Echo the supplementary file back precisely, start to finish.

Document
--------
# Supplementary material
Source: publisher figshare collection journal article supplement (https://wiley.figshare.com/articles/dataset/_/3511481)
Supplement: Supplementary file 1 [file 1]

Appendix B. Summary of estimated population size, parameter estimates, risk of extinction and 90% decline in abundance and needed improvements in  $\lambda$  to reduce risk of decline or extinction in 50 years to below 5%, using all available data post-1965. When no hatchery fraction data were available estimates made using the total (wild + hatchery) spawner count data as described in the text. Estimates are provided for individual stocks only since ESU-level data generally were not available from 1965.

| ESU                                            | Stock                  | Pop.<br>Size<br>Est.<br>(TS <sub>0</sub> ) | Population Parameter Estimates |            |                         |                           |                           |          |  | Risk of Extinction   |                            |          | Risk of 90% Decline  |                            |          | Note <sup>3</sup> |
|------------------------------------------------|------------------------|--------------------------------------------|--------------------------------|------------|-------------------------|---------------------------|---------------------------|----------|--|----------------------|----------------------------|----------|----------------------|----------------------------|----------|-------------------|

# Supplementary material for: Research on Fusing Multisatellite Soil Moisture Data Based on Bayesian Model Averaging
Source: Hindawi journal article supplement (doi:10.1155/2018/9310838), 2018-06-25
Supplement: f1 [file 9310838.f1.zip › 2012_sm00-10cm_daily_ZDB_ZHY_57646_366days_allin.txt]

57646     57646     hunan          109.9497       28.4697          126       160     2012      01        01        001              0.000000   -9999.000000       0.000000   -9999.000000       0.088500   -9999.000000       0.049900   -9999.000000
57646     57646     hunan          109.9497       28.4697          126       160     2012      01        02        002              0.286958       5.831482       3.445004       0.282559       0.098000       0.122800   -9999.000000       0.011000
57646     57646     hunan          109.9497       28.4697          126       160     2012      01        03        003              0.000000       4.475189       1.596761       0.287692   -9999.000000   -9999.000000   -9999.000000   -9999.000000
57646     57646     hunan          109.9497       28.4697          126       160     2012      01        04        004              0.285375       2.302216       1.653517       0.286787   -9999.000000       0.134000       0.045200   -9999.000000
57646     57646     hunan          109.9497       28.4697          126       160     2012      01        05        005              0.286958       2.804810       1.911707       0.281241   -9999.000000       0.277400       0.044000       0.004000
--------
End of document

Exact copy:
# Supplementary material
Source: publisher figshare collection journal article supplement (https://wiley.figshare.com/articles/dataset/_/3511481)
Supplement: Supplementary file 1 [file 1]

Appendix B. Summary of estimated population size, parameter estimates, risk of extinction and 90% decline in abundance and needed improvements in  $\lambda$  to reduce risk of decline or extinction in 50 years to below 5%, using all available data post-1965. When no hatchery fraction data were available estimates made using the total (wild + hatchery) spawner count data as described in the text. Estimates are provided for individual stocks only since ESU-level data generally were not available from 1965.

| ESU                                            | Stock                  | Pop.<br>Size<br>Est.<br>(TS <sub>0</sub> ) | Population Parameter Estimates |            |                         |                           |                           |          |  | Risk of Extinction   |                            |          | Risk of 90% Decline  |                            |          | Note <sup>3</sup> |
|------------------------------------------------|------------------------|--------------------------------------------|--------------------------------|------------|-------------------------|---------------------------|---------------------------|----------|--|----------------------|----------------------------|----------|----------------------|----------------------------|----------|-------------------|

# Supplementary material for: Research on Fusing Multisatellite Soil Moisture Data Based on Bayesian Model Averaging
Source: Hindawi journal article supplement (doi:10.1155/2018/9310838), 2018-06-25
Supplement: f1 [file 9310838.f1.zip › 2012_sm00-10cm_daily_ZDB_ZHY_57646_366days_allin.txt]

57646     57646     hunan          109.9497       28.4697          126       160     2012      01        01        001              0.000000   -9999.000000       0.000000   -9999.000000       0.088500   -9999.000000       0.049900   -9999.000000
57646     57646     hunan          109.9497       28.4697          126       160     2012      01        02        002              0.286958       5.831482       3.445004       0.282559       0.098000       0.122800   -9999.000000       0.011000
57646     57646     hunan          109.9497       28.4697          126       160     2012      01        03        003              0.000000       4.475189       1.596761       0.287692   -9999.000000   -9999.000000   -9999.000000   -9999.000000
57646     57646     hunan          109.9497       28.4697          126       160     2012      01        04        004              0.285375       2.302216       1.653517       0.286787   -9999.000000       0.134000       0.045200   -9999.000000
57646     57646     hunan          109.9497       28.4697          126       160     2012      01        05        005              0.286958       2.804810       1.911707       0.281241   -9999.000000       0.277400       0.044000       0.004000